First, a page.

For 10 years Ken Dychtwald has been, by his own description, "the Mr. Happy Age Wave guy."
As a psychologist (blessed with telegenically good looks), he pushed a reassuring message to baby boomers that their autumn years could be exciting, rewarding, productive. And as a business consultant turned best-selling author (his book, like his company, is called Age Wave), he rose to marketing guru with his vision of a new oldhood, one that foresaw countless opportunities for corporate America.
On the eve of his 50th birthday, Dychtwald's still riding a crest. Only he's not so cheery anymore. In fact, he seems depressingly worried.
Right there, on Page 78 of his new book, "Age Power," are the words Train Wreck. They're on Page 79, too, and Pages 80 and 81, bold italics listing five looming disasters that could derail much of the next century:
Wreck #1: "Using 65 as a marker of old age--and the onset of old-age entitlements--is meaningless, unfair and even dangerous."
Wreck #2: "Without a dramatic shift in health care skills and priorities, our society will face epidemics of chronic disease."
Wreck #3: "A care-giving crunch could become the social and economic sinkhole of the 21st century."
Wreck #4: "Tens of millions of boomers are heading toward a poverty-stricken old age."
Wreck #5: "Without envisioning a new purpose for old age, we are creating an elder wasteland."
No more sugarcoating, no more trying to make difficult issues appetizing and winning, he says. "I've grown up," Dychtwald explained this week during a visit in Washington, his third stop on a month-long coast-to-coast tour for "Age Power," the book he regards as his "wake-up call" to America. "I can see the challenges that are going to confront this generation and we're not dealing with them."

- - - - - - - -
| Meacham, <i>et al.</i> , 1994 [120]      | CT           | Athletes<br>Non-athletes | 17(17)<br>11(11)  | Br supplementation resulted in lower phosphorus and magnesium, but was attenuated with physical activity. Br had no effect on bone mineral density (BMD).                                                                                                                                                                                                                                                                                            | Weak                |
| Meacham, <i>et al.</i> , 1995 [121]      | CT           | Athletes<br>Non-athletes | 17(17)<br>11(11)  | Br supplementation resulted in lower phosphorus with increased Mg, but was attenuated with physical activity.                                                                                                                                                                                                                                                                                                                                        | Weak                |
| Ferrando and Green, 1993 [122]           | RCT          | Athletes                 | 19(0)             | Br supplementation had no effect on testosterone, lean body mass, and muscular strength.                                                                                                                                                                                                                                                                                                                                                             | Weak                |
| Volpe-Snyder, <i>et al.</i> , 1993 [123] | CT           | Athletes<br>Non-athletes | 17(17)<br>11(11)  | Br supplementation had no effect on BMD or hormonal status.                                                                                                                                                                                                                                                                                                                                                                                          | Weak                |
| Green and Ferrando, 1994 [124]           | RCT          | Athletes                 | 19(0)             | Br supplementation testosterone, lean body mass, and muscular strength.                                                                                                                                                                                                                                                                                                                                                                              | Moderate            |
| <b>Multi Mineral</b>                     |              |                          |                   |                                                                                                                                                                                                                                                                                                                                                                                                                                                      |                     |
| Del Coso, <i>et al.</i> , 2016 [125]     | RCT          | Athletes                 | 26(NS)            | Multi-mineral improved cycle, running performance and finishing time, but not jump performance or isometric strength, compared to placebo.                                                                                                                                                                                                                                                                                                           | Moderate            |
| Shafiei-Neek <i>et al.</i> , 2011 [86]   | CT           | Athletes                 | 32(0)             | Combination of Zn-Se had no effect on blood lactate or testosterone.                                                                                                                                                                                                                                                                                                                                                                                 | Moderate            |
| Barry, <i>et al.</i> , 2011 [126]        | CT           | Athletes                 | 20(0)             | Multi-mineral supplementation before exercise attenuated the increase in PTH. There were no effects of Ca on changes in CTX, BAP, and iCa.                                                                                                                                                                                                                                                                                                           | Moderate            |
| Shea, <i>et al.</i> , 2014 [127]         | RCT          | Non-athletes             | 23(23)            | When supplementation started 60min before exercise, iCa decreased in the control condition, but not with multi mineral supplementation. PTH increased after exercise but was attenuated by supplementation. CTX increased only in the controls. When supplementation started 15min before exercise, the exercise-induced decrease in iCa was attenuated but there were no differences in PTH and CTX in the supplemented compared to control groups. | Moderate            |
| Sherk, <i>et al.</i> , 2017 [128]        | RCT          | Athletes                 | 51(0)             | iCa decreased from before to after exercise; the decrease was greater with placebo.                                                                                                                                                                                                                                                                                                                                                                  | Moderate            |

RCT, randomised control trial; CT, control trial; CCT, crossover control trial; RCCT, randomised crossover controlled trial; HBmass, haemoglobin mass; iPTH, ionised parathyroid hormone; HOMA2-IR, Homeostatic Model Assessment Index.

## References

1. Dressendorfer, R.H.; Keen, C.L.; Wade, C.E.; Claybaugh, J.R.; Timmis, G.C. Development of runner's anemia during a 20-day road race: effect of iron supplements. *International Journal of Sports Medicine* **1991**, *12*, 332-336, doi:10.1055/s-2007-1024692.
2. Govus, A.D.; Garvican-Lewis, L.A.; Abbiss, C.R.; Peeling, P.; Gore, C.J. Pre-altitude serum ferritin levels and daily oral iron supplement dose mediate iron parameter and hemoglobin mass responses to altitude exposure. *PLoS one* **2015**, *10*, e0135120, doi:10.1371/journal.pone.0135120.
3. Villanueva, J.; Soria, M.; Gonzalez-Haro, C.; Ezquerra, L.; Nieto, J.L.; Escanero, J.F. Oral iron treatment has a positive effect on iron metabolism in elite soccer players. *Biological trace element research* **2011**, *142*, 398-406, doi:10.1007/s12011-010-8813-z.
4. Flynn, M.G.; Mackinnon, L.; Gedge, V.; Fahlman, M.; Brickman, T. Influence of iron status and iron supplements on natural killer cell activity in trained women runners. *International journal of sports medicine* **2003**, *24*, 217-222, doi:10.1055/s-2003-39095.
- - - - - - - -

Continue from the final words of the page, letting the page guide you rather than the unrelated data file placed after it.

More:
It's hardly a surprise prediction that the huge bulge of women and men born between 1946 and 1964 will fundamentally change this country as they move into the traditional retirement years. For virtually all of their lives, these 76 million boomers have been the tail wagging the dog, and their future collective impact on institutions such as Social Security and attitudes about longevity is debated endlessly these days.
But Dychtwald says much of the debate is ill-focused--Medicare, for example, is less a funding issue than a health issue, he argues--and he believes he could be the person to get the discussion back on track. In another train reference, he calls himself the switchman who sees the massive locomotive hurtling down the track, the wrong track, straight toward catastrophe, and manages to pull the control that redirects the cars and saves the day. He could be the Ralph Nader or Rachel Carson of his time, he suggests.